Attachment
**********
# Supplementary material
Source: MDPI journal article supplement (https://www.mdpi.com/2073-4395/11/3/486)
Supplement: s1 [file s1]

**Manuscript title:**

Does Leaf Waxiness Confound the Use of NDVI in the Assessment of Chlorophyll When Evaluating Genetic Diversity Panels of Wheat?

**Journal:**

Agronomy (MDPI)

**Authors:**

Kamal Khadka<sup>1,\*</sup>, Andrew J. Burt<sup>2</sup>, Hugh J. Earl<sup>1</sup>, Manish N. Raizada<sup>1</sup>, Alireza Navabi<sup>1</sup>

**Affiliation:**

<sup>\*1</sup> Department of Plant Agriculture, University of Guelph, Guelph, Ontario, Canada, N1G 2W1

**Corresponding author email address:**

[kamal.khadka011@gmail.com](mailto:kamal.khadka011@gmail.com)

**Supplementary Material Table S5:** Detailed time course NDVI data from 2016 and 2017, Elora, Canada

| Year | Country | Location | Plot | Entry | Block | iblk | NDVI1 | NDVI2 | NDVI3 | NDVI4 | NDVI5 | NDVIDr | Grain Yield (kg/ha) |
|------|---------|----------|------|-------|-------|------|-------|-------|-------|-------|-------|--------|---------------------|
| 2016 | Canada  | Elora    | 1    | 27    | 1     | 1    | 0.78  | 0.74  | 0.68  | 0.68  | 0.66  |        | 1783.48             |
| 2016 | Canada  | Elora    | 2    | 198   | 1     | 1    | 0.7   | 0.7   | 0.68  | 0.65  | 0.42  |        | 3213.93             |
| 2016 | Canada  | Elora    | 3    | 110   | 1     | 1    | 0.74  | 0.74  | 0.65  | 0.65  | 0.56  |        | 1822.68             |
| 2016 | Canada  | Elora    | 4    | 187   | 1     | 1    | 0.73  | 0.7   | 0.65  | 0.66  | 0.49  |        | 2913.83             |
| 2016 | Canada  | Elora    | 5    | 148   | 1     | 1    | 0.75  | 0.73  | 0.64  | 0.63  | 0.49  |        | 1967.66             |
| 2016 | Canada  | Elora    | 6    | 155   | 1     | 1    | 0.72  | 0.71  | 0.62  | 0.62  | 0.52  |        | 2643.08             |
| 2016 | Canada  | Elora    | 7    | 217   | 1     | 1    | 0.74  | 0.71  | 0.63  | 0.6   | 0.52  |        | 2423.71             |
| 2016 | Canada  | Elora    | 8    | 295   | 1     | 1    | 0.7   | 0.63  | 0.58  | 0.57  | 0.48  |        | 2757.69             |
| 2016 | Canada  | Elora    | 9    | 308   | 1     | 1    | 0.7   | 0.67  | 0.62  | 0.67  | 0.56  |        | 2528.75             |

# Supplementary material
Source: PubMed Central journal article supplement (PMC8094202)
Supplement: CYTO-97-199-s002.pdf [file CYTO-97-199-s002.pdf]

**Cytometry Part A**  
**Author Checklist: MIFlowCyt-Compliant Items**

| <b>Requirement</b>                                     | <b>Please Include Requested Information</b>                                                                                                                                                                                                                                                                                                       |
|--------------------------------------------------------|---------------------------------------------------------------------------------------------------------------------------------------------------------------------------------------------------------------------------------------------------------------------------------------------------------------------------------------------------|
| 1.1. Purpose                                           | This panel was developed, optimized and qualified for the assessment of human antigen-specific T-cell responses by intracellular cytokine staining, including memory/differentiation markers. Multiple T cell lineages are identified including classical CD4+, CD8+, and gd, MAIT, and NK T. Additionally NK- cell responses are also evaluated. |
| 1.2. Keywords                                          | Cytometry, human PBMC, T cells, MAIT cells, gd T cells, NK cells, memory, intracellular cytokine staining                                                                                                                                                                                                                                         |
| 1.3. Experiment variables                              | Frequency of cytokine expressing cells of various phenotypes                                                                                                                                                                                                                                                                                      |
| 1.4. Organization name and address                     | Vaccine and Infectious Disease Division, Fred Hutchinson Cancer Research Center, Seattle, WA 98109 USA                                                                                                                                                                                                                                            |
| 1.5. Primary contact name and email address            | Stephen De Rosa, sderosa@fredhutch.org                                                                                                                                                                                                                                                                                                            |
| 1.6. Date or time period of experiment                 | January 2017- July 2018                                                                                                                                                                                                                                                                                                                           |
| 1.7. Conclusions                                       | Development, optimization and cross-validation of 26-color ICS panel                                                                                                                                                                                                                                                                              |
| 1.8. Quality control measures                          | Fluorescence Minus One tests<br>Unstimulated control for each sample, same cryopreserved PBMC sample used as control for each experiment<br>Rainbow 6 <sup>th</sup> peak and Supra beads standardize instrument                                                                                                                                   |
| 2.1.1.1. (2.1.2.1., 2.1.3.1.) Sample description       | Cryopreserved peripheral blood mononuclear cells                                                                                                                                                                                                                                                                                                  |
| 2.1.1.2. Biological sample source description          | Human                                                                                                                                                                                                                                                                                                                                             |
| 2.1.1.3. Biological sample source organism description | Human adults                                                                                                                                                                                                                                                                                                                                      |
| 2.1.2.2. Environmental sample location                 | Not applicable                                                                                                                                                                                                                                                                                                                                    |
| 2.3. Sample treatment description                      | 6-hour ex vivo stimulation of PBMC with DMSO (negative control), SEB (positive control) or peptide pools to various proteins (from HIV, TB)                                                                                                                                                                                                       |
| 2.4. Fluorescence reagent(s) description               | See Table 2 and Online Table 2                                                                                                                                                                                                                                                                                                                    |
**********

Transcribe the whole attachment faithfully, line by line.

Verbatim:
# Supplementary material
Source: MDPI journal article supplement (https://www.mdpi.com/2073-4395/11/3/486)
Supplement: s1 [file s1]

**Manuscript title:**

Does Leaf Waxiness Confound the Use of NDVI in the Assessment of Chlorophyll When Evaluating Genetic Diversity Panels of Wheat?

**Journal:**

Agronomy (MDPI)

**Authors:**

Kamal Khadka<sup>1,\*</sup>, Andrew J. Burt<sup>2</sup>, Hugh J. Earl<sup>1</sup>, Manish N. Raizada<sup>1</sup>, Alireza Navabi<sup>1</sup>

**Affiliation:**

<sup>\*1</sup> Department of Plant Agriculture, University of Guelph, Guelph, Ontario, Canada, N1G 2W1

**Corresponding author email address:**

[kamal.khadka011@gmail.com](mailto:kamal.khadka011@gmail.com)

**Supplementary Material Table S5:** Detailed time course NDVI data from 2016 and 2017, Elora, Canada

| Year | Country | Location | Plot | Entry | Block | iblk | NDVI1 | NDVI2 | NDVI3 | NDVI4 | NDVI5 | NDVIDr | Grain Yield (kg/ha) |
|------|---------|----------|------|-------|-------|------|-------|-------|-------|-------|-------|--------|---------------------|
| 2016 | Canada  | Elora    | 1    | 27    | 1     | 1    | 0.78  | 0.74  | 0.68  | 0.68  | 0.66  |        | 1783.48             |
| 2016 | Canada  | Elora    | 2    | 198   | 1     | 1    | 0.7   | 0.7   | 0.68  | 0.65  | 0.42  |        | 3213.93             |
| 2016 | Canada  | Elora    | 3    | 110   | 1     | 1    | 0.74  | 0.74  | 0.65  | 0.65  | 0.56  |        | 1822.68             |
| 2016 | Canada  | Elora    | 4    | 187   | 1     | 1    | 0.73  | 0.7   | 0.65  | 0.66  | 0.49  |        | 2913.83             |
| 2016 | Canada  | Elora    | 5    | 148   | 1     | 1    | 0.75  | 0.73  | 0.64  | 0.63  | 0.49  |        | 1967.66             |
| 2016 | Canada  | Elora    | 6    | 155   | 1     | 1    | 0.72  | 0.71  | 0.62  | 0.62  | 0.52  |        | 2643.08             |
| 2016 | Canada  | Elora    | 7    | 217   | 1     | 1    | 0.74  | 0.71  | 0.63  | 0.6   | 0.52  |        | 2423.71             |
| 2016 | Canada  | Elora    | 8    | 295   | 1     | 1    | 0.7   | 0.63  | 0.58  | 0.57  | 0.48  |        | 2757.69             |
| 2016 | Canada  | Elora    | 9    | 308   | 1     | 1    | 0.7   | 0.67  | 0.62  | 0.67  | 0.56  |        | 2528.75             |

# Supplementary material
Source: PubMed Central journal article supplement (PMC8094202)
Supplement: CYTO-97-199-s002.pdf [file CYTO-97-199-s002.pdf]

**Cytometry Part A**  
**Author Checklist: MIFlowCyt-Compliant Items**

| <b>Requirement</b>                                     | <b>Please Include Requested Information</b>                                                                                                                                                                                                                                                                                                       |
|--------------------------------------------------------|---------------------------------------------------------------------------------------------------------------------------------------------------------------------------------------------------------------------------------------------------------------------------------------------------------------------------------------------------|
| 1.1. Purpose                                           | This panel was developed, optimized and qualified for the assessment of human antigen-specific T-cell responses by intracellular cytokine staining, including memory/differentiation markers. Multiple T cell lineages are identified including classical CD4+, CD8+, and gd, MAIT, and NK T. Additionally NK- cell responses are also evaluated. |
| 1.2. Keywords                                          | Cytometry, human PBMC, T cells, MAIT cells, gd T cells, NK cells, memory, intracellular cytokine staining                                                                                                                                                                                                                                         |
| 1.3. Experiment variables                              | Frequency of cytokine expressing cells of various phenotypes                                                                                                                                                                                                                                                                                      |
| 1.4. Organization name and address                     | Vaccine and Infectious Disease Division, Fred Hutchinson Cancer Research Center, Seattle, WA 98109 USA                                                                                                                                                                                                                                            |
| 1.5. Primary contact name and email address            | Stephen De Rosa, sderosa@fredhutch.org                                                                                                                                                                                                                                                                                                            |
| 1.6. Date or time period of experiment                 | January 2017- July 2018                                                                                                                                                                                                                                                                                                                           |
| 1.7. Conclusions                                       | Development, optimization and cross-validation of 26-color ICS panel                                                                                                                                                                                                                                                                              |
| 1.8. Quality control measures                          | Fluorescence Minus One tests<br>Unstimulated control for each sample, same cryopreserved PBMC sample used as control for each experiment<br>Rainbow 6 <sup>th</sup> peak and Supra beads standardize instrument                                                                                                                                   |
| 2.1.1.1. (2.1.2.1., 2.1.3.1.) Sample description       | Cryopreserved peripheral blood mononuclear cells                                                                                                                                                                                                                                                                                                  |
| 2.1.1.2. Biological sample source description          | Human                                                                                                                                                                                                                                                                                                                                             |
| 2.1.1.3. Biological sample source organism description | Human adults                                                                                                                                                                                                                                                                                                                                      |
| 2.1.2.2. Environmental sample location                 | Not applicable                                                                                                                                                                                                                                                                                                                                    |
| 2.3. Sample treatment description                      | 6-hour ex vivo stimulation of PBMC with DMSO (negative control), SEB (positive control) or peptide pools to various proteins (from HIV, TB)                                                                                                                                                                                                       |
| 2.4. Fluorescence reagent(s) description               | See Table 2 and Online Table 2                                                                                                                                                                                                                                                                                                                    |